Back in the day, buying a jiu jitsu gi wasn't complicated. That’s because you didn’t have much to choose from. Today, there's a growing industry dedicated to the jiu jitsu lifestyle, including a ton of companies offering gis of all different styles, materials, and sizes.
So what bjj gi is right for you? Here's what to consider:
- Not too loose, not too tight
First and foremost, your gi needs to fit right. If you’re a long-time veteran of the gentle art, you probably already have this down. If you're just beginning your journey, it’s easy to end up with a gi that’s excessively baggy or uncomfortably snug, especially in the pants. That’s because the only reference you have for how a gi is supposed to fit are your everyday clothes. The problem is you don’t normally roll around on the ground in your everyday attire. So when you’re gi shopping, you need to test the fit. Do a full squat to check that you’re pants aren’t too tight. Rotate your arms in all directions to check that fabric around your shoulders don’t obstruct your range of motion. Have a friend grab your sleeves and pant hem to ensure that you don’t have an excessive amount of material. If you can hide a bowling ball up your sleeves, they might be too baggy. On the flip side, you also need to make sure you have enough fabric around your arms, otherwise you’ll get some dirty looks from your fellow training partners over your skin-tight, gripless gi. IBJJF gi regulations require at least 7cm of clearance between your skin and the fabric.
The length of your gi is largely personal preference. Many practitioners favor the more traditional style, in which your hems hit exactly below the wrist or ankle joint. Others like their gis a bit shorter. The shorter the gi, the farther your opponent has to reach to get a hold of it. For those long-legged folks, some brands offer “L” (long) sizes, which give you an extra few centimeters without having to look like you’re wearing a tent. However, if you are or plan to be a competitor, your gi has to comply with the guidelines set by IBJJF, UAEJJF, and other promotions. For example, IBJJF requires that the edge of your sleeve be no more than 5cm from your wrist when your arms are outstretched in front of you, and your pant hem be no more than 5cm up from your ankle. If you don’t compete, no need to worry about that. Rock them high waters like it’s 2008 again.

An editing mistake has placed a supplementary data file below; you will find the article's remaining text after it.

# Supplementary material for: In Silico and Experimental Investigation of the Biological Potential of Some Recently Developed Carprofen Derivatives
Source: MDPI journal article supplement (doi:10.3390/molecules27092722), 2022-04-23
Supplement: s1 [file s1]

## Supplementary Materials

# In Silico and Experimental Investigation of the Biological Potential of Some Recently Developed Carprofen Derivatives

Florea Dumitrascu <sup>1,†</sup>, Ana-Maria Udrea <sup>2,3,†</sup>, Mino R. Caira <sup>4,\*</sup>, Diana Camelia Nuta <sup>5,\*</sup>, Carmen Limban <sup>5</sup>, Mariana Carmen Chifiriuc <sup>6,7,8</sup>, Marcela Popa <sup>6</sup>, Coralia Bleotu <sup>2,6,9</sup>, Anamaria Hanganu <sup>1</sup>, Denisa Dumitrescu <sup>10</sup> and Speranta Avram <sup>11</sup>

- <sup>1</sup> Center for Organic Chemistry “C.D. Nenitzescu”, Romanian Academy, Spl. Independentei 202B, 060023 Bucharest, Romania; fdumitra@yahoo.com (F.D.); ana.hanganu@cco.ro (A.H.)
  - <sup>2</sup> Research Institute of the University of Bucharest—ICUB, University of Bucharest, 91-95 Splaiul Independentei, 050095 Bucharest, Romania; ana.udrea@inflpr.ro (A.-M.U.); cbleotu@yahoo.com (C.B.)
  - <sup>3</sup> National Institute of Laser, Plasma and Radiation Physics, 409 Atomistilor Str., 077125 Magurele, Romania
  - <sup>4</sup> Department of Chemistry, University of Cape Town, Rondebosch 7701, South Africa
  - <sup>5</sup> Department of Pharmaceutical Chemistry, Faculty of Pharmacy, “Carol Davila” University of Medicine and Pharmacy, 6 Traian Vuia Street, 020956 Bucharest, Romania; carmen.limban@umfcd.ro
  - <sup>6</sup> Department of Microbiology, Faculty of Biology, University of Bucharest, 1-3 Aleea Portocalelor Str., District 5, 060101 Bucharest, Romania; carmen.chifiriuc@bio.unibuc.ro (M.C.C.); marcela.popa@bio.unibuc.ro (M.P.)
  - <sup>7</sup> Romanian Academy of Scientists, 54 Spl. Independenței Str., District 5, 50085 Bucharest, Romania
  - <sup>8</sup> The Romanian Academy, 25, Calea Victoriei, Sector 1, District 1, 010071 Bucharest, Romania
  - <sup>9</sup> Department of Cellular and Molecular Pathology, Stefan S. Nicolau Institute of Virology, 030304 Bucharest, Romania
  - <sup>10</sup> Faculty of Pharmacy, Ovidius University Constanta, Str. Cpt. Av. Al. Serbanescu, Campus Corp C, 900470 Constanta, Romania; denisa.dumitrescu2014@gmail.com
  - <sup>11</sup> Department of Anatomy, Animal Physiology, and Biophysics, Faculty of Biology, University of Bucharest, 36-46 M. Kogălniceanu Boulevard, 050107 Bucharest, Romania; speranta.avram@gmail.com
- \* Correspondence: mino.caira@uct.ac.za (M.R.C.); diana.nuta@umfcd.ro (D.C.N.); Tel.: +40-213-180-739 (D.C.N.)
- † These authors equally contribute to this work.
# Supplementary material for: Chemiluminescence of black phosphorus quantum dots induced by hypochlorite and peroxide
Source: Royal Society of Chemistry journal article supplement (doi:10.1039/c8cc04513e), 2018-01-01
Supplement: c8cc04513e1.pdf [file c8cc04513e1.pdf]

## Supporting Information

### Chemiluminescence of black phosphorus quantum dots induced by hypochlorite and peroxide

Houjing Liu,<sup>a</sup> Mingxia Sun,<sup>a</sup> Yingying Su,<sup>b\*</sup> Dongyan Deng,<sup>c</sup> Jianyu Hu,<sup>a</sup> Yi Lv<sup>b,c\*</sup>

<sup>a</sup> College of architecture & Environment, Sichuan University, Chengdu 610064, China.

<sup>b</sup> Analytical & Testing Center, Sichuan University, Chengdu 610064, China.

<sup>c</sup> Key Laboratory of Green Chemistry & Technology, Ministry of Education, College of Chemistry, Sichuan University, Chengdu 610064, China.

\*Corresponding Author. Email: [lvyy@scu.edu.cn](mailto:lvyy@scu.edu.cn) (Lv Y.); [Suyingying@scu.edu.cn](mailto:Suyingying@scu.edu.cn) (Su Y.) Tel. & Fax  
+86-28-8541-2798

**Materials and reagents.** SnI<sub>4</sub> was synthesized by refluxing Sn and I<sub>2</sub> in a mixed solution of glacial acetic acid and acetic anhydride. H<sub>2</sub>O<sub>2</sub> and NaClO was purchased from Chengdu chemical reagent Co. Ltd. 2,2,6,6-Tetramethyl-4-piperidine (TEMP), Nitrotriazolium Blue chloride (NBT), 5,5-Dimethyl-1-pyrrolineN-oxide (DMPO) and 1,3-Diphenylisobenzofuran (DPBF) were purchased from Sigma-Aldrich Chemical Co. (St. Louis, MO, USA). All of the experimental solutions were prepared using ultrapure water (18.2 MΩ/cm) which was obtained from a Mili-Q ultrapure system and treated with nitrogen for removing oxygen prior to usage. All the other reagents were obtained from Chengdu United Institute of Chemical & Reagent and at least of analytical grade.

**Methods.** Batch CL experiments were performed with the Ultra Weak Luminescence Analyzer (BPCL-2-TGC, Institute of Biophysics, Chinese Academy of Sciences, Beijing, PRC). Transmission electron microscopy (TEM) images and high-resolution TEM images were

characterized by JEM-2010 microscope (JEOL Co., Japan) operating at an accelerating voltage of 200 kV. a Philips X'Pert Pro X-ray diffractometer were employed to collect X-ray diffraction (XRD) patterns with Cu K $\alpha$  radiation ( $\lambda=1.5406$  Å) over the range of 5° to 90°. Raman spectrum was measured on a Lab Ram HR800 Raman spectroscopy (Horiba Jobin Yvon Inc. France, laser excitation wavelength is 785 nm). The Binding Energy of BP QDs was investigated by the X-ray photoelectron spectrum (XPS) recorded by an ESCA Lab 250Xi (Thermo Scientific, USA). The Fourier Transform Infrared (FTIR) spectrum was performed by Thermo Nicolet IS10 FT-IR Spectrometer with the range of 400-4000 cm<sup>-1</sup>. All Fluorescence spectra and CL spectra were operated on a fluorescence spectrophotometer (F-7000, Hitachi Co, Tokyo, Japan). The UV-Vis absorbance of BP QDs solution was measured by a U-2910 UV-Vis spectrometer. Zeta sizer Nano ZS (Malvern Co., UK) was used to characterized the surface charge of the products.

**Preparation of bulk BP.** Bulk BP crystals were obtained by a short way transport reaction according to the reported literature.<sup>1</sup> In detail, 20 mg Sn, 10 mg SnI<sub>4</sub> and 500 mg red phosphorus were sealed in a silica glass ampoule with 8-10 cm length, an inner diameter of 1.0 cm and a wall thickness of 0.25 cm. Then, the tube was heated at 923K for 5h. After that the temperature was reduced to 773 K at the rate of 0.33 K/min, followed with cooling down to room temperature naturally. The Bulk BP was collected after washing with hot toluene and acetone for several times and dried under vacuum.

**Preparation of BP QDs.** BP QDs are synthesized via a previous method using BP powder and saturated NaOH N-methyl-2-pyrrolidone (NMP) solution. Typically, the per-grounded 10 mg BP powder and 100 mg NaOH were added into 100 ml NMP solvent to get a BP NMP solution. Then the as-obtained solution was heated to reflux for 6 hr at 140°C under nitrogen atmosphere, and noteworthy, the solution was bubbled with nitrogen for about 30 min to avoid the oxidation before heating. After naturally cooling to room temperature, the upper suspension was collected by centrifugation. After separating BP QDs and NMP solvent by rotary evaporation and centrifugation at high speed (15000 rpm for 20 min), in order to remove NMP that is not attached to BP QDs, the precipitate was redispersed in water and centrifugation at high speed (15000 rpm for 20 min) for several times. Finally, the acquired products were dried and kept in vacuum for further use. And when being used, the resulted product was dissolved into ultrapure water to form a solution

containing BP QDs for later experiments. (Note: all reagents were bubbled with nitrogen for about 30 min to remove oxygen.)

- Cotton versus ripstop
Cotton is the most widely used material for jiu jitsu gis, but many companies offer styles made with ripstop as well. As the name suggests, ripstop is a durable polyester or polyester/cotton blend fabric that resists tearing better than standard cotton fabric. It also tends to be lighter and resists shrinkage. If you’re a competitor, keep in mind that only your pants can be ripstop; for most promotions, your jacket must be cotton (or a cotton-like fabric, i.e. not ripstop). On the other hand, cotton does shrink when washed in warm or hot water and tumble dried, which could be a good thing, depending on how you like your gi to fit. Many practitioners will buy a gi slightly larger and wash/dry it to fit just so. The fabrics differ in feel as well, both when dry and when wet.
Well what about hemp? Okay, you hippie, yes, there are hemp gis out on the market today. Like cotton, hemp can shrink; however, hemp is said to be far more moisture absorbent than cotton, and has anti-microbial properties, so it won’t get as much of a “sweaty gi funk” when left in your gear bag or trunk too long after training. If you have the cash - hemp gis are usually a bit more pricey - a hemp gi can be a nice addition to your collection.
- White versus colored
Again, this is personal preference. However, keep in mind that you might be limited to specific colors by either your academy or tournament regulations. A lot of academies these days limit you to wearing only a white gi during class, so if you’re a fan of color, you’ll have to wait to wear your colored gi during open mats or tournaments. The IBJJF and UAEJJF allows competitors to wear colored gis, but limit your options to blue and black, and your gi top must match your gi pants. Several gi brands offer a wide range of colored gis - from the standard white, blue, and black, to red, grey, green, yellow, pink, purple… and even ninja turtle. If you have mad skills, you can even customize your gi color yourself. For example, I had a friend who liked to tie-dye his gis in his grandmother’s wash machine.
Finally, before you make your decision, ask yourself, “Do I feel like a badass in this gi?” If the answer is yes, then you’ve chosen wisely young Padawan.
Train on. Oss.